Feel Full on Fewer Calories
14 October 19, 2012
When you go on a diet are you starving? Do you look at your three ounces of meat and wonder how you got here?
One of the biggest issues that dieters face is the fact that they are hungry after they eat their allocated calories for the day. That tends to lead to midnight raids on the fridge.
Dr. Barbara Rolls, whom I met a couple weeks ago at the Academy of Nutrition and Dietetics conference, has done a ton of research into reducing calories without feeling hungry.
Her lab has analyzed how you can be satisfied with less calories so that it is easier to lose weight. How did she do the research? She has a laboratory where she feeds study participants and measures how much they eat. She has authored over 250 papers on eating behavior and nutritional science.
Anyone who attends Weight Watchers is going to realize that much of the program that Weight Watchers is promoting is based on her extensive research.
Her book, “The Ultimate Volumetrics Diet” has over 100 recipes that show you how to increase the volume of your food while decreasing calories. There are a bunch of great color photos that show you how much more food you will get if you use her solution.
The key here is increasing fruit and vegetables in your meals as you decrease higher calorie and fatty foods. The fiber and water in fruits and vegetables make you full so you aren’t tempted to keep eating more treats.
What I love about this approach is that it is a win-win. You eat more fruits and vegetables (which you need to get healthier) and you lose weight. If you get in the habit of increasing these foods in your diet, you will have made a serious shift that will help you to remain disease free.
The recipe below looked so great for fall!
Have you tried the Volumetrics Diet? What do you think?
Pear Cranberry Strudel
reprinted with permission from “The Ultimate Volumetrics Diet” by Barbara Rolls, Ph.D.
This light and simple dessert works best with pears or apples—their relatively dry flesh allows the phyllo to get crisp. Look for the smaller size phyllo sheets as they are very easy to work with.
Makes 6 servings (100g each), 3-inch piece each
3 medium (444g) or 2 large pears (about 1 pound), peeled, cored, and chopped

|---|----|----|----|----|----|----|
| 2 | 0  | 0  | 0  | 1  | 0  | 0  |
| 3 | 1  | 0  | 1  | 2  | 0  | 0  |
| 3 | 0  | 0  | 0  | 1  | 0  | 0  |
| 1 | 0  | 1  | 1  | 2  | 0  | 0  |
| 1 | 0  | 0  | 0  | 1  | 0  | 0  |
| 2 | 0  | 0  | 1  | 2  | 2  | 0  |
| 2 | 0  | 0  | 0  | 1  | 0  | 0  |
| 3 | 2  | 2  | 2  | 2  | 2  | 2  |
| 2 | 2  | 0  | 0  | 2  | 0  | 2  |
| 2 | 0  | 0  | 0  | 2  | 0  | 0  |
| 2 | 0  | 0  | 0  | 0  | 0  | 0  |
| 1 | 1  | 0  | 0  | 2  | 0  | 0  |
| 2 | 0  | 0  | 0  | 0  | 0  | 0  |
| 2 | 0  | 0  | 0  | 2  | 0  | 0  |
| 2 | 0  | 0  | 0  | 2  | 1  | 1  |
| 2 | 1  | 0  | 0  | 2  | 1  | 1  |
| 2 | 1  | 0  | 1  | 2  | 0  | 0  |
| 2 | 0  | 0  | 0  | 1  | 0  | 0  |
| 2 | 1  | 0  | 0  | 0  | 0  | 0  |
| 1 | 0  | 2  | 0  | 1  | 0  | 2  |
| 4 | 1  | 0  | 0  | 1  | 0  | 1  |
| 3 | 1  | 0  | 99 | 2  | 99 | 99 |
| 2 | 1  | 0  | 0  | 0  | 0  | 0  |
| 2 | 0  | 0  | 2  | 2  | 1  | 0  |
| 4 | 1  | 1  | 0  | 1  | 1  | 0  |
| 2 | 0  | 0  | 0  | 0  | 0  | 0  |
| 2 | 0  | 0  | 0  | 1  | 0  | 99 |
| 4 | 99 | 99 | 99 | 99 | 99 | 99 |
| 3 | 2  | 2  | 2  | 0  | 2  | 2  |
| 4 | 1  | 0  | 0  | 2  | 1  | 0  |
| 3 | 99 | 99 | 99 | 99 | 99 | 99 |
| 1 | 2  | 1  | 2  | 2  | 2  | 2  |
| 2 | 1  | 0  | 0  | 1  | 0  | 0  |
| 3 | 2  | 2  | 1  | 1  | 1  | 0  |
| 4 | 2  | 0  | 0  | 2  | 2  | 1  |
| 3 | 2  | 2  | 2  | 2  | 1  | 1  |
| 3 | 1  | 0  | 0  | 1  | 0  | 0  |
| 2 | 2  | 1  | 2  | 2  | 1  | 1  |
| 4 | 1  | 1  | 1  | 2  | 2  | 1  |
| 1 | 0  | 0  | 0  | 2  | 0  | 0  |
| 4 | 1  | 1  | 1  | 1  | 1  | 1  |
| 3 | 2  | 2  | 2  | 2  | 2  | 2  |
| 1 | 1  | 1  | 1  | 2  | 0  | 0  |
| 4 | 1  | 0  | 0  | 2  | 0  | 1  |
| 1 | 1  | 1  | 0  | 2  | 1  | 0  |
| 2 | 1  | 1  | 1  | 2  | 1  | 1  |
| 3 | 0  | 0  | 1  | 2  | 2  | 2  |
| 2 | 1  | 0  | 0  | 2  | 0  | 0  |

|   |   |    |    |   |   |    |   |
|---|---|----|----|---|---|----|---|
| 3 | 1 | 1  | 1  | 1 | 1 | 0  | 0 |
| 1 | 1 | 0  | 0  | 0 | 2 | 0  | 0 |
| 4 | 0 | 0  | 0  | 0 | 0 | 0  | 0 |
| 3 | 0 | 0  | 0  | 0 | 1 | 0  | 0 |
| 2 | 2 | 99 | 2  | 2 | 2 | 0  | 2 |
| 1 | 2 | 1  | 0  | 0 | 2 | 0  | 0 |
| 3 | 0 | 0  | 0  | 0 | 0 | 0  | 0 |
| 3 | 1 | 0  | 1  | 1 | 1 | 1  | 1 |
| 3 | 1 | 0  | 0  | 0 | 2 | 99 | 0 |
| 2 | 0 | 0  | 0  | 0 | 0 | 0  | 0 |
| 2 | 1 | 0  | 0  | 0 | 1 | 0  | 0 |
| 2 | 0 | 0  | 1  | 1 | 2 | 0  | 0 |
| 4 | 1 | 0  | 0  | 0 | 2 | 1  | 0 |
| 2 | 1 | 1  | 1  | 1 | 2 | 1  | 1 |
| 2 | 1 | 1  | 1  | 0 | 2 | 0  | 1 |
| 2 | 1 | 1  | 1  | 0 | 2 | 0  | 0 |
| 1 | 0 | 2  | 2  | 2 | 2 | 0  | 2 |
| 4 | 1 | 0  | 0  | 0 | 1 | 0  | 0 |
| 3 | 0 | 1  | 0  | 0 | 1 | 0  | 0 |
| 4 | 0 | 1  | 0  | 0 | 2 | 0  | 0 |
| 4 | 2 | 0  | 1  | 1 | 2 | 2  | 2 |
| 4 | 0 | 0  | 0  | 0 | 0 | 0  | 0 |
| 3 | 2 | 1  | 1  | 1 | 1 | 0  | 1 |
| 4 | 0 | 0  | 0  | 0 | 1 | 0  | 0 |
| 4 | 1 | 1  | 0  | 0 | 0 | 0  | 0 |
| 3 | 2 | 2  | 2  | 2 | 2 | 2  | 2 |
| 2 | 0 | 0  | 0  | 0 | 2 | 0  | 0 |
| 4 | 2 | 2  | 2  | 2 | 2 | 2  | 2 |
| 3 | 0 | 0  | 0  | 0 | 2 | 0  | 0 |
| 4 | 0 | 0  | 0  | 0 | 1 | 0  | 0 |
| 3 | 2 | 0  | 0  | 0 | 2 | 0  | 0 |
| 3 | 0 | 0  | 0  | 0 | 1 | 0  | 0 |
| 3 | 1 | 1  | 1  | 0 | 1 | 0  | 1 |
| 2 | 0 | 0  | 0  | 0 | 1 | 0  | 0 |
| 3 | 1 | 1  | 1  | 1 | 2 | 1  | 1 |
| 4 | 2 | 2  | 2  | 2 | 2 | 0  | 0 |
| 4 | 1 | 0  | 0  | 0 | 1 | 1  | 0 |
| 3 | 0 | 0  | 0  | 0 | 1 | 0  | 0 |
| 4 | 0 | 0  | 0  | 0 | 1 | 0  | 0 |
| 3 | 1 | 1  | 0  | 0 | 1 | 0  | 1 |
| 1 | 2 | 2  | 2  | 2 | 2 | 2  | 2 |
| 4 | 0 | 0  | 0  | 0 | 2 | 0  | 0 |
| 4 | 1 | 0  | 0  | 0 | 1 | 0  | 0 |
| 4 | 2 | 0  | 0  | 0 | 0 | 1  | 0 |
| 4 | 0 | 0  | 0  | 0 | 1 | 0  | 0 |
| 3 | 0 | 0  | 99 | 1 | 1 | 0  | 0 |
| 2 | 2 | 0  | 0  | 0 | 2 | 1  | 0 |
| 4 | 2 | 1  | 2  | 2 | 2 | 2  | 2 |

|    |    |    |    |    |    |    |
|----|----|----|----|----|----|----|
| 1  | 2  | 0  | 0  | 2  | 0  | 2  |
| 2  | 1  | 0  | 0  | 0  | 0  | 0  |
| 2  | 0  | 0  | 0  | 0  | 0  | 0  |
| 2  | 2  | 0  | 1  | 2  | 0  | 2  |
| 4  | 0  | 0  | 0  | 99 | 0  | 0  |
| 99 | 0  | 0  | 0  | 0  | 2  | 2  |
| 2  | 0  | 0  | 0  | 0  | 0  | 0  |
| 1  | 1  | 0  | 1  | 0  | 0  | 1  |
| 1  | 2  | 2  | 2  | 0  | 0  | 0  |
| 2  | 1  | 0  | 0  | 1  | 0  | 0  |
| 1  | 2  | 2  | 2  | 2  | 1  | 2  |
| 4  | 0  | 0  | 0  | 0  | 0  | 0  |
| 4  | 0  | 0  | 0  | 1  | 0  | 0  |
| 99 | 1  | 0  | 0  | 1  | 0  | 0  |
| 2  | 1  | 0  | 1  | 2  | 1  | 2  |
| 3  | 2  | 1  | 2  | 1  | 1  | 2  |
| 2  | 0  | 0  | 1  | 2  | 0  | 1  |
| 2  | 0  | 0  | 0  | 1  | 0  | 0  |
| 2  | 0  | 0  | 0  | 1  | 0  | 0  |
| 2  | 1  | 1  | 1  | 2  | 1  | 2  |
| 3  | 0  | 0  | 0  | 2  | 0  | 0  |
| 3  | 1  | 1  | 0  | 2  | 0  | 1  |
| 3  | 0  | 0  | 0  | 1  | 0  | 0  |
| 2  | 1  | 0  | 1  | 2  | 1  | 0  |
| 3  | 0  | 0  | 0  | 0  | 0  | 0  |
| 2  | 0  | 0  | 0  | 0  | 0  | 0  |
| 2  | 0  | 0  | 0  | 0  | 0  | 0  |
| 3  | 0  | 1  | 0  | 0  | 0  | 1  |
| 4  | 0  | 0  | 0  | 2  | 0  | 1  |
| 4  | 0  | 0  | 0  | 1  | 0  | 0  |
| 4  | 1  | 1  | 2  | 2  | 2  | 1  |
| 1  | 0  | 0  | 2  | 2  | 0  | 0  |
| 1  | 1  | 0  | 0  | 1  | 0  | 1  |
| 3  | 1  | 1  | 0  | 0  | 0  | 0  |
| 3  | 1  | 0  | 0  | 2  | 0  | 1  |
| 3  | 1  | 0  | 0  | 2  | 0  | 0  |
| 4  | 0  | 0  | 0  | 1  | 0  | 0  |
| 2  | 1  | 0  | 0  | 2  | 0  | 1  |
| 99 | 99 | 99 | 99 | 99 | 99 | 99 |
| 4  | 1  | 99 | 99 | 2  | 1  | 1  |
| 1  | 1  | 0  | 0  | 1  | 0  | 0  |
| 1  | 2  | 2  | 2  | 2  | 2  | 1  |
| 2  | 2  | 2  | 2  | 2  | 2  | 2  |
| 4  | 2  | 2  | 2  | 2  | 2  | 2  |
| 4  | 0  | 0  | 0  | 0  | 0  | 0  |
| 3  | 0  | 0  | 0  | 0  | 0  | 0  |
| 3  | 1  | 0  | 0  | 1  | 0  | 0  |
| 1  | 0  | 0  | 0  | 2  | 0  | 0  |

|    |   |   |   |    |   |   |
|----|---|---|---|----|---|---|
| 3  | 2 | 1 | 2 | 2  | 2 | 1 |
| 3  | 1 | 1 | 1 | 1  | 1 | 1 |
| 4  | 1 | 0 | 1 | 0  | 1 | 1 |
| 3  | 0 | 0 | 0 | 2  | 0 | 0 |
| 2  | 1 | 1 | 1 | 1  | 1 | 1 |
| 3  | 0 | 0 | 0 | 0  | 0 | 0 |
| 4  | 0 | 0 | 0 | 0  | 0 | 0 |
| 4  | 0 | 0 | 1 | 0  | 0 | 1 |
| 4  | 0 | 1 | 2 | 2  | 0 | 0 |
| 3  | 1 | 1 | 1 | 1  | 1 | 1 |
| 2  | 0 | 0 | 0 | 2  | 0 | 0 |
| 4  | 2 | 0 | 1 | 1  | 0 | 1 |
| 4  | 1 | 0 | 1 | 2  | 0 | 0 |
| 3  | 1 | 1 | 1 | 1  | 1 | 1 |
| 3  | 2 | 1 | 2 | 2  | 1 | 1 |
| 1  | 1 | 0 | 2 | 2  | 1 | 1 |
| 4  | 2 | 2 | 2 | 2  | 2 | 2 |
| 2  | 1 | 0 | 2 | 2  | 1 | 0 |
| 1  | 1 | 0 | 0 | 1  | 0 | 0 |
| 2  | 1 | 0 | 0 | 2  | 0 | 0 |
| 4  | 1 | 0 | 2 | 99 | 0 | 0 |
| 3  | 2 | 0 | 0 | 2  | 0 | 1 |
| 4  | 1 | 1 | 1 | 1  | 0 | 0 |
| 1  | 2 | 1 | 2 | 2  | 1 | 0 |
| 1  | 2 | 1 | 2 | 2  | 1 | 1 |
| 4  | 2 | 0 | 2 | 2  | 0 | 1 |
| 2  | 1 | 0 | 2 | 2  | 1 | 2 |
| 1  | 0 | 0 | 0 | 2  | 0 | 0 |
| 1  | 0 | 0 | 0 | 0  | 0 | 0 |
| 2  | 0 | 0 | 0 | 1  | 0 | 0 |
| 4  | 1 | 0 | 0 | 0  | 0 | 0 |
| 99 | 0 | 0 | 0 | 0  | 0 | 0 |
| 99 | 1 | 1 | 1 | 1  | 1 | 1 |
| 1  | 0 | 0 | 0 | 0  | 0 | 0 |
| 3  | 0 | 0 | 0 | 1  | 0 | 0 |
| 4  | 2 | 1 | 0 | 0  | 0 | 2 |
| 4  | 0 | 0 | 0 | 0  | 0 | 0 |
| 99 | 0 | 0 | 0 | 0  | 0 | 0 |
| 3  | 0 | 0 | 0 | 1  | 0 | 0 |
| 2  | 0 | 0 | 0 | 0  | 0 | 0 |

2 (14g) graham cracker squares, crushed
1⁄4 cup (15g) loosely packed dried cranberries
1 tablespoon (16g) light brown sugar
2 teaspoons (5g) ground cinnamon
1 teaspoon (3g) cornstarch
1 teaspoon (4g) granulated sugar
Eight 9 by 14-inch (90g) or four 14 by 18-inch sheets phyllo dough
1. Preheat the oven to 350°F. Spray a baking sheet with cooking spray.
2. Combine the pears, graham crackers, cranberries, brown sugar, 1 teaspoon of the cinnamon, and the cornstarch in a medium bowl.
3. If using the large size phyllo, cut in half to create eight 9 by 14-inch sheets. Working quickly to prevent the dough from drying out, stack 2 sheets on the baking sheet, spray lightly with cooking spray, and top with 2 more sheets. Place half of the pear mixture along the long edge of the phyllo stack about 2 inches from the edge and 2 inches from each side. Fold the edge over the filling, fold the side edges over the filling, then gently roll up. Position seam-side down, spray lightly with cooking spray, and sprinkle with ½ teaspoon each cinnamon and granulated sugar.
4. Repeat with the remaining phyllo dough and filling.
5. Bake for 40 minutes or until the phyllo is light brown and very crisp. Cut each strudel into 3 pieces and serve immediately.
Nutritional Information per Serving:
Calories 120, Carbohydrate 26g, Fat 1g, Protein 2g, Fiber 3g, Points+ 3
Points+ values are calculated by Snack Girl and are provided for information only.
Snack Girl receives a small percentage of sales from links to Amazon.com.
The Ultimate Volumetrics Diet: Smart, Simple, Science-Based Strategies for Losing Weight and Keeping It Off
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